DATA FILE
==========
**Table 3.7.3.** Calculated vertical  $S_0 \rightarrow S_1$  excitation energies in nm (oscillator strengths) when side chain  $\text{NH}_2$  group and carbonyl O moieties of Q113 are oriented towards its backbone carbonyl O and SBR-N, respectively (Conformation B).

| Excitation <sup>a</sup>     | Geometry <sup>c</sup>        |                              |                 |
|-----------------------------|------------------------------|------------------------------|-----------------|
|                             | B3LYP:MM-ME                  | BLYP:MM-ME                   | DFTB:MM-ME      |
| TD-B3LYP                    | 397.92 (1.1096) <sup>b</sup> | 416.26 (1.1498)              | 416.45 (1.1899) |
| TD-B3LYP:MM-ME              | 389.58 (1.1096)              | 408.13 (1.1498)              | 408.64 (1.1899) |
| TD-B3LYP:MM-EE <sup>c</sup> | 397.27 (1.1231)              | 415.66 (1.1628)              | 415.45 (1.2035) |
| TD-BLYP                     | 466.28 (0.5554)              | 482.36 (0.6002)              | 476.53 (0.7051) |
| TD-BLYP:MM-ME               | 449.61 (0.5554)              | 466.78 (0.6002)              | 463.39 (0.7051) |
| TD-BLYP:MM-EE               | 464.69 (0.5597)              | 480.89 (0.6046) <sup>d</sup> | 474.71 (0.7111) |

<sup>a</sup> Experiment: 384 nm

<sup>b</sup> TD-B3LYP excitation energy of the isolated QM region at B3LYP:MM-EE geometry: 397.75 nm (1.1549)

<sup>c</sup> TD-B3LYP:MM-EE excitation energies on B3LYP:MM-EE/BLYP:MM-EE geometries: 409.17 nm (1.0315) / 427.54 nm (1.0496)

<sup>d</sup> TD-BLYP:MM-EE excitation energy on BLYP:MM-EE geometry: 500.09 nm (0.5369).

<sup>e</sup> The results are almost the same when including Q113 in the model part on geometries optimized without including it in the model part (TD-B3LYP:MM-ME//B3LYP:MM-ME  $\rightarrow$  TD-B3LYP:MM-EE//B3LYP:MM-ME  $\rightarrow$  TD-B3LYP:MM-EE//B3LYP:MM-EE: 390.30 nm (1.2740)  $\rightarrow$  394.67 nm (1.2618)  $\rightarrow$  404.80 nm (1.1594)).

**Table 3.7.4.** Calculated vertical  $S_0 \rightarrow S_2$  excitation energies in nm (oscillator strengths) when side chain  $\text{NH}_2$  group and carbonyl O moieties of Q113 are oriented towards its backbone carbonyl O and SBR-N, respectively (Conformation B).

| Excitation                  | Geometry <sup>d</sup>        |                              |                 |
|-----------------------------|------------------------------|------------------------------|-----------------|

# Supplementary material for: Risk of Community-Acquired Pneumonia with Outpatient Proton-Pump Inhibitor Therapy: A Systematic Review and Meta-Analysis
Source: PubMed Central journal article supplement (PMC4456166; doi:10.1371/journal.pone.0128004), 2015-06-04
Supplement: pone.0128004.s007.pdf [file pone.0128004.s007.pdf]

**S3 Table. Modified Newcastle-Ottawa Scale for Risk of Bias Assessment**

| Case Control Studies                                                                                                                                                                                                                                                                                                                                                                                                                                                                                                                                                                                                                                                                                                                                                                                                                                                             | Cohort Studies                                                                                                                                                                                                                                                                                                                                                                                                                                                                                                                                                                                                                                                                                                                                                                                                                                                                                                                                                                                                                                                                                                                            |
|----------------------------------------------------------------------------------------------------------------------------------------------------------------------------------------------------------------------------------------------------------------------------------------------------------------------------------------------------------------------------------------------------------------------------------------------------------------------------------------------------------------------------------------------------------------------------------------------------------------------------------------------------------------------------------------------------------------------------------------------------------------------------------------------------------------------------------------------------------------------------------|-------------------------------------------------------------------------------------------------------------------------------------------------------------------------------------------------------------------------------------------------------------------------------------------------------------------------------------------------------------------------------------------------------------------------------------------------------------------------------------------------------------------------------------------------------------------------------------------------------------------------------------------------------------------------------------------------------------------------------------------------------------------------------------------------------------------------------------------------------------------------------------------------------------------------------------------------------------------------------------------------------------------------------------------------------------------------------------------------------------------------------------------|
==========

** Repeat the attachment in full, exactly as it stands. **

**Table 3.7.3.** Calculated vertical  $S_0 \rightarrow S_1$  excitation energies in nm (oscillator strengths) when side chain  $\text{NH}_2$  group and carbonyl O moieties of Q113 are oriented towards its backbone carbonyl O and SBR-N, respectively (Conformation B).

| Excitation <sup>a</sup>     | Geometry <sup>c</sup>        |                              |                 |
|-----------------------------|------------------------------|------------------------------|-----------------|
|                             | B3LYP:MM-ME                  | BLYP:MM-ME                   | DFTB:MM-ME      |
| TD-B3LYP                    | 397.92 (1.1096) <sup>b</sup> | 416.26 (1.1498)              | 416.45 (1.1899) |
| TD-B3LYP:MM-ME              | 389.58 (1.1096)              | 408.13 (1.1498)              | 408.64 (1.1899) |
| TD-B3LYP:MM-EE <sup>c</sup> | 397.27 (1.1231)              | 415.66 (1.1628)              | 415.45 (1.2035) |
| TD-BLYP                     | 466.28 (0.5554)              | 482.36 (0.6002)              | 476.53 (0.7051) |
| TD-BLYP:MM-ME               | 449.61 (0.5554)              | 466.78 (0.6002)              | 463.39 (0.7051) |
| TD-BLYP:MM-EE               | 464.69 (0.5597)              | 480.89 (0.6046) <sup>d</sup> | 474.71 (0.7111) |

<sup>a</sup> Experiment: 384 nm

<sup>b</sup> TD-B3LYP excitation energy of the isolated QM region at B3LYP:MM-EE geometry: 397.75 nm (1.1549)

<sup>c</sup> TD-B3LYP:MM-EE excitation energies on B3LYP:MM-EE/BLYP:MM-EE geometries: 409.17 nm (1.0315) / 427.54 nm (1.0496)

<sup>d</sup> TD-BLYP:MM-EE excitation energy on BLYP:MM-EE geometry: 500.09 nm (0.5369).

<sup>e</sup> The results are almost the same when including Q113 in the model part on geometries optimized without including it in the model part (TD-B3LYP:MM-ME//B3LYP:MM-ME  $\rightarrow$  TD-B3LYP:MM-EE//B3LYP:MM-ME  $\rightarrow$  TD-B3LYP:MM-EE//B3LYP:MM-EE: 390.30 nm (1.2740)  $\rightarrow$  394.67 nm (1.2618)  $\rightarrow$  404.80 nm (1.1594)).

**Table 3.7.4.** Calculated vertical  $S_0 \rightarrow S_2$  excitation energies in nm (oscillator strengths) when side chain  $\text{NH}_2$  group and carbonyl O moieties of Q113 are oriented towards its backbone carbonyl O and SBR-N, respectively (Conformation B).

| Excitation                  | Geometry <sup>d</sup>        |                              |                 |
|-----------------------------|------------------------------|------------------------------|-----------------|

# Supplementary material for: Risk of Community-Acquired Pneumonia with Outpatient Proton-Pump Inhibitor Therapy: A Systematic Review and Meta-Analysis
Source: PubMed Central journal article supplement (PMC4456166; doi:10.1371/journal.pone.0128004), 2015-06-04
Supplement: pone.0128004.s007.pdf [file pone.0128004.s007.pdf]

**S3 Table. Modified Newcastle-Ottawa Scale for Risk of Bias Assessment**

| Case Control Studies                                                                                                                                                                                                                                                                                                                                                                                                                                                                                                                                                                                                                                                                                                                                                                                                                                                             | Cohort Studies                                                                                                                                                                                                                                                                                                                                                                                                                                                                                                                                                                                                                                                                                                                                                                                                                                                                                                                                                                                                                                                                                                                            |
|----------------------------------------------------------------------------------------------------------------------------------------------------------------------------------------------------------------------------------------------------------------------------------------------------------------------------------------------------------------------------------------------------------------------------------------------------------------------------------------------------------------------------------------------------------------------------------------------------------------------------------------------------------------------------------------------------------------------------------------------------------------------------------------------------------------------------------------------------------------------------------|-------------------------------------------------------------------------------------------------------------------------------------------------------------------------------------------------------------------------------------------------------------------------------------------------------------------------------------------------------------------------------------------------------------------------------------------------------------------------------------------------------------------------------------------------------------------------------------------------------------------------------------------------------------------------------------------------------------------------------------------------------------------------------------------------------------------------------------------------------------------------------------------------------------------------------------------------------------------------------------------------------------------------------------------------------------------------------------------------------------------------------------------|